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Art and sport sector revenue was cut in half during the pandemic

Many businesses in the art and sport sector continue to face challenges

By ATB Economics 25 March 2021 2 min read

As is often the case with economic data, the view behind us is relatively clear while the picture of what’s next is not.

This is certainly true when it comes to the impact of the pandemic on the arts and spectator sports.

New data from Statistics Canada show that the combined operating revenue of four slices of the larger arts and sports pie* was $1.2 billion in Alberta in 2019. Total revenue was $10.5 billion in the country as a whole.

This is a significant amount of economic activity, but what we really need to know at the moment is how these businesses were affected by the pandemic and when they will recover.

To this end, Statistics Canada is providing advance estimates for 2020 suggesting that “operating revenue for spectator sports, event promoters, artists and related industries will have decreased by around 50 per cent in 2020. Owing to its preliminary nature, this figure is expected to be revised when survey data are collected and provide a complete picture of the impacts of the COVID-19 pandemic.”

While some artists and artistic enterprises may have been able to dodge the ill effects of the pandemic, those that rely on in-person contact and the gathering of people in a physical space faced tremendous challenges.

The same goes for spectator sports. Playing in mostly empty venues was better than not playing at all, but revenue from tickets and concession sales collapsed.

With public health restrictions still very much in play, many businesses in the art and sport sector continue to face challenges. Vaccines and herd immunity offer hope, but it will take some time before the damage is repaired and this important segment of our economy can start to grow again.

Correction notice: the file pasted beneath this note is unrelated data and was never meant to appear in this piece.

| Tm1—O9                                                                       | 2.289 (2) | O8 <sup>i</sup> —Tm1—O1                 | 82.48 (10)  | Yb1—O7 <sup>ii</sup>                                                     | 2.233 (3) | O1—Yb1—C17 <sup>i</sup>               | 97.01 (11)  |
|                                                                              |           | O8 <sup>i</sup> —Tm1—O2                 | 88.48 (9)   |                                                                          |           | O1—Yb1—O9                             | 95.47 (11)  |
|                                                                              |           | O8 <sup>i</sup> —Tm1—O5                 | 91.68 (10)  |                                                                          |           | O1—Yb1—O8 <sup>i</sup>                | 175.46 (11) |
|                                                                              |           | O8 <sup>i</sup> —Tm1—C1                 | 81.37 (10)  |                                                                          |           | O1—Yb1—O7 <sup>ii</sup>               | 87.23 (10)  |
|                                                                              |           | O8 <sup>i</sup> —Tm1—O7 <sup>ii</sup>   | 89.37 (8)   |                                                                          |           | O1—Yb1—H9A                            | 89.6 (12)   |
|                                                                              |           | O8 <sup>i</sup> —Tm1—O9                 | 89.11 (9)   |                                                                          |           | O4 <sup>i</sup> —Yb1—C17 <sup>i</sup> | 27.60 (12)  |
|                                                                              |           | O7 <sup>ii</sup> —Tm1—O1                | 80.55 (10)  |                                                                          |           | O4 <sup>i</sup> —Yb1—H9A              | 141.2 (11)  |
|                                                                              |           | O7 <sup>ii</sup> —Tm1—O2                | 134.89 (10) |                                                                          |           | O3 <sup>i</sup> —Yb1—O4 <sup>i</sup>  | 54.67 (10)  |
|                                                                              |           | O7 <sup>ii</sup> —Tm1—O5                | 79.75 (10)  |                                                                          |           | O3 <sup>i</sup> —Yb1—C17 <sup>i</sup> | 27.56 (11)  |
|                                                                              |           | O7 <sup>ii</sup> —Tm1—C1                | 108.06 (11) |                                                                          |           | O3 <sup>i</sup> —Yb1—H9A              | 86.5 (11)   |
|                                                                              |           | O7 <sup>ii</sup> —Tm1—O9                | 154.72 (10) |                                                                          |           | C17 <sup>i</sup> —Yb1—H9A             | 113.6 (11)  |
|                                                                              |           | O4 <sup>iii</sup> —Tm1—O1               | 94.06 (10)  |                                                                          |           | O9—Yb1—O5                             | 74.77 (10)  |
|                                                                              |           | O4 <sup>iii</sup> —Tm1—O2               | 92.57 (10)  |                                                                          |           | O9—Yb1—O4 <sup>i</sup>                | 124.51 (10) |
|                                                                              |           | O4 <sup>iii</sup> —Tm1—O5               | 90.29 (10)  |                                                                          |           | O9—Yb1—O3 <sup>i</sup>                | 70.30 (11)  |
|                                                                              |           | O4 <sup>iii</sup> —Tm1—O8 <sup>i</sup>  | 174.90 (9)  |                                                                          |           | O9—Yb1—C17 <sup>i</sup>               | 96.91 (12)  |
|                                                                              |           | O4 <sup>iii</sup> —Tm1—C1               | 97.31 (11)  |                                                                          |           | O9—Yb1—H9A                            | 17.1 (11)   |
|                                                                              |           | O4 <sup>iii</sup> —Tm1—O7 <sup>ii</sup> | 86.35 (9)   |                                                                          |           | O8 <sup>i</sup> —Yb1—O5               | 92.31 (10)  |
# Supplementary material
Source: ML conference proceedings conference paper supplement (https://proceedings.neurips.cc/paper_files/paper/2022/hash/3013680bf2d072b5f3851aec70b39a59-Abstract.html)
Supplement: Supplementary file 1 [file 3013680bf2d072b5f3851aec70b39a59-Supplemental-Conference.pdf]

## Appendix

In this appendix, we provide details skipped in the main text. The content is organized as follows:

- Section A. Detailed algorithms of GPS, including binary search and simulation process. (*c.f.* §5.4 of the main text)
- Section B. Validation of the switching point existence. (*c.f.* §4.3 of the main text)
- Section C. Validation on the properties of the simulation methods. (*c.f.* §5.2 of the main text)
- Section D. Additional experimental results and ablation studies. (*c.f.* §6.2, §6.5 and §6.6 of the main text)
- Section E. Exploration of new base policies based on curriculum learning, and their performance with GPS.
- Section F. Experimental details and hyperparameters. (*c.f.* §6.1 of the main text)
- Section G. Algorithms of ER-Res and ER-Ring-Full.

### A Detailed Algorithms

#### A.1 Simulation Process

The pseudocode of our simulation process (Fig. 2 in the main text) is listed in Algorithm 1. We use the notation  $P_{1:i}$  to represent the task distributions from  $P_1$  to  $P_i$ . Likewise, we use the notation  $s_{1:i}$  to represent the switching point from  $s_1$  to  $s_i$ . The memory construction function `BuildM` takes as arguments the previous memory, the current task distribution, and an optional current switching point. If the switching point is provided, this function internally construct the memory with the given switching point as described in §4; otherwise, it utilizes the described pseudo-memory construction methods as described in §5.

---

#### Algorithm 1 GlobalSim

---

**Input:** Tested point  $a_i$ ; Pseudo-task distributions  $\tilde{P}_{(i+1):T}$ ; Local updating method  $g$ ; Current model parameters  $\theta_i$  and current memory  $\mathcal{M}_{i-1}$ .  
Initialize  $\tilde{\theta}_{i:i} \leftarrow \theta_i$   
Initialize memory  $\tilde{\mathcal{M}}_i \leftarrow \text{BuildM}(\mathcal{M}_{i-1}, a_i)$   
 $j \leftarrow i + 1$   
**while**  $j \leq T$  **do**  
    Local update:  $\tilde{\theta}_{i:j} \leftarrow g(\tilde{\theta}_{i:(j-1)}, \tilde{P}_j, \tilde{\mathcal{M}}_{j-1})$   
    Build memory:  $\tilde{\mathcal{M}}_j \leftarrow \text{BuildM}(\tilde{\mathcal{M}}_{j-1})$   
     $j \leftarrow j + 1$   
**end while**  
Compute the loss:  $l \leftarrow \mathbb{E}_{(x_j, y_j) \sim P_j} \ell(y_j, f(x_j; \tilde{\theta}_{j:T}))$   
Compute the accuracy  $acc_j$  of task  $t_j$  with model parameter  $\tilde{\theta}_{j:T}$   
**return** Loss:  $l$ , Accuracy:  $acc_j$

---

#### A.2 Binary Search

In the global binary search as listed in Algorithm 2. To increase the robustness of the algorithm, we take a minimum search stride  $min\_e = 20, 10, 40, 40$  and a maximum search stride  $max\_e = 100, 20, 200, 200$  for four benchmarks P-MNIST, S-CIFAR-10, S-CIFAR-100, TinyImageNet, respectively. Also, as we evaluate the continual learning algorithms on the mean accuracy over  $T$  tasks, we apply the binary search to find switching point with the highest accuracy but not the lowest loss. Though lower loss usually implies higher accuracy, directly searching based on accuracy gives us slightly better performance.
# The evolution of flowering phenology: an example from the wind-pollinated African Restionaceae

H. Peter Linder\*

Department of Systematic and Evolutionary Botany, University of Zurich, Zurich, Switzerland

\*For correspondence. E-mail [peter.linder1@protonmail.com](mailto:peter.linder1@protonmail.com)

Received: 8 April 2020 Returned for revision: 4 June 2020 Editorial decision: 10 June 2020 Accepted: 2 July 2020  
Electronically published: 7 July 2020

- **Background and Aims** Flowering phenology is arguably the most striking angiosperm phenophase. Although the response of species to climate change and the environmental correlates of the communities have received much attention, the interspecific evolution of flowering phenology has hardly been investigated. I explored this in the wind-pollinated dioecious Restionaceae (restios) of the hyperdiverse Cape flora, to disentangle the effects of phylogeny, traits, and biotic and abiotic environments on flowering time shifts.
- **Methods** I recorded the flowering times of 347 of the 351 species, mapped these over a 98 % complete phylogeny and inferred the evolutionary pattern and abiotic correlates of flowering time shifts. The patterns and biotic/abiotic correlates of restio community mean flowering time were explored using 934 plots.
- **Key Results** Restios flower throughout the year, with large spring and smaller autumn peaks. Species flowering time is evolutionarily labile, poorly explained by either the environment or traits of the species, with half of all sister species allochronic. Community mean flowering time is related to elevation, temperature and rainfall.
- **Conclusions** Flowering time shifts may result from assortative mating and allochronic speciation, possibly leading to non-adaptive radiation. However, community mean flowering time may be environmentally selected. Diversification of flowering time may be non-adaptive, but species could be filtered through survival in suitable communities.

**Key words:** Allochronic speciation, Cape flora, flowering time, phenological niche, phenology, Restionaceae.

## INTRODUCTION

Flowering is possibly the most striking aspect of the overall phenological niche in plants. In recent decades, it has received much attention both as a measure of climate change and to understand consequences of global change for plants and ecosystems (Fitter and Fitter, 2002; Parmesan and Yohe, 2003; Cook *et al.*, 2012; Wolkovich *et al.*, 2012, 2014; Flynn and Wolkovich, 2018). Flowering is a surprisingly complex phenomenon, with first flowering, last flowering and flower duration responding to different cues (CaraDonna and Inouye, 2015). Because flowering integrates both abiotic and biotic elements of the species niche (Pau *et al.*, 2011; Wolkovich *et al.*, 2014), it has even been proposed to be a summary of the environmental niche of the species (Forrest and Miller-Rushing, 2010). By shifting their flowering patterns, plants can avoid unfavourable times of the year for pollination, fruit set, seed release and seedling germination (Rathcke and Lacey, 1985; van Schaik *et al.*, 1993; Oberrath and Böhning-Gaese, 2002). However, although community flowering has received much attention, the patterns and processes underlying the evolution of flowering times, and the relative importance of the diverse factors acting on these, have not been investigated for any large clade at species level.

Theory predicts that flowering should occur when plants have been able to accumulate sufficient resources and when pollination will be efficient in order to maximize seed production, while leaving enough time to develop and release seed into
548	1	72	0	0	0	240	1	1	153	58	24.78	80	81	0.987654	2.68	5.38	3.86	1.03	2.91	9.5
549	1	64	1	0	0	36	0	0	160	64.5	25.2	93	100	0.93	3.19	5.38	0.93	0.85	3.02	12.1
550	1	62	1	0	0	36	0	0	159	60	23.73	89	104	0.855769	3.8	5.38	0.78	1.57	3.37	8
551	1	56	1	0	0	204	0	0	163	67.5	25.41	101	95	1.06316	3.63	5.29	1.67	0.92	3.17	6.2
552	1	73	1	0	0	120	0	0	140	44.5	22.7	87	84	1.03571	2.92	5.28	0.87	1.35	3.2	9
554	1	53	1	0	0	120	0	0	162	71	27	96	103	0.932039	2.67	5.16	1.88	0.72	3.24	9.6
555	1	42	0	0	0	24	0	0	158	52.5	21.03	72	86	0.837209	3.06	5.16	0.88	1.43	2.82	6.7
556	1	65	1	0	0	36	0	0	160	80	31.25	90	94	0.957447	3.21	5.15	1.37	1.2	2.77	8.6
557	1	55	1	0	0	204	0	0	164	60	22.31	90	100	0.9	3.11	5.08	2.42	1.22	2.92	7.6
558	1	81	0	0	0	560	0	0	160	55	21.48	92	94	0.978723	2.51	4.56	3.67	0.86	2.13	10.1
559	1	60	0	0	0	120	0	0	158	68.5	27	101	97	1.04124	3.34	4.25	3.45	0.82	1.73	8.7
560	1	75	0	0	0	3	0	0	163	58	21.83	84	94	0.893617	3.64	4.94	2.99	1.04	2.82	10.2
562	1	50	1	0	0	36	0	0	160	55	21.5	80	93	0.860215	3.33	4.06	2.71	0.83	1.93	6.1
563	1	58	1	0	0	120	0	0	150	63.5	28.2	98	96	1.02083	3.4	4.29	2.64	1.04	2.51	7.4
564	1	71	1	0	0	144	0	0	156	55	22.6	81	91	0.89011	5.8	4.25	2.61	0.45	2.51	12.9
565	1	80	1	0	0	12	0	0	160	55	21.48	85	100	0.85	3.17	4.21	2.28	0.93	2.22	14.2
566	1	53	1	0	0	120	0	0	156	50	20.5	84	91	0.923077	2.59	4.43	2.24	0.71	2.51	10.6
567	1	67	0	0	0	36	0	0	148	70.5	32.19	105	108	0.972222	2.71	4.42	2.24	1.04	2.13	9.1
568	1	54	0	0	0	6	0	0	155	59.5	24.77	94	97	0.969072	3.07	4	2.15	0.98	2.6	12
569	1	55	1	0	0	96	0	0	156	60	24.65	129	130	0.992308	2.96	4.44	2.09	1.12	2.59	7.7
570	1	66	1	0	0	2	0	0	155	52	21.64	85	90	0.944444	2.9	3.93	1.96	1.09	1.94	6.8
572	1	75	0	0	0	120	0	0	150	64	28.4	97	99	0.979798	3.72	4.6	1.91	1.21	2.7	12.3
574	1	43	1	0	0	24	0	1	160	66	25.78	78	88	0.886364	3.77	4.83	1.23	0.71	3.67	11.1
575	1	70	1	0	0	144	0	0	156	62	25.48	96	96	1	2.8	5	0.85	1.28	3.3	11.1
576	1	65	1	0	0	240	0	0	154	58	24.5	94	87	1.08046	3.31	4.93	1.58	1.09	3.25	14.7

On a less gloomy front, the latest series of ATB’s The Future Of podcast examines the economic importance of the arts and culture sector, how it has adapted during COVID and how it might evolve and grow in the years ahead.

*The four sub-sectors in question are part of the broader “arts, entertainment and recreation” sector and include North American Industry Classification System (NAICS) codes 7112 (spectator sports), 7113 (promoters/presenters of performing arts, sports and similar events), 7114 (agents and managers for artists, athletes, entertainers and other public figures) and 7115 (Independent artists, writers and performers). The data exclude performing arts companies and independent musical artists (NAICS code 7111). They also exclude movie theatres (which are part of the information and cultural industries sector).

Answer to the previous trivia question: Tennis star Roger Federer was the highest paid athlete in the world in 2020, earning a reported US$ 106.3 million (mostly from endorsements).

Today’s trivia question: The 65,890-capacity Raymond James Stadium in Tampa, Florida was the site of the 2021 NFL Super Bowl. How many people were allowed to attend the event in light of pandemic restrictions?

The combined operating revenue of four slices of the arts and sports pie was $1.2 billion in Alberta in 2019

The combined operating revenue of four slices of the arts and sports pie was $1.2 billion in Alberta in 2019


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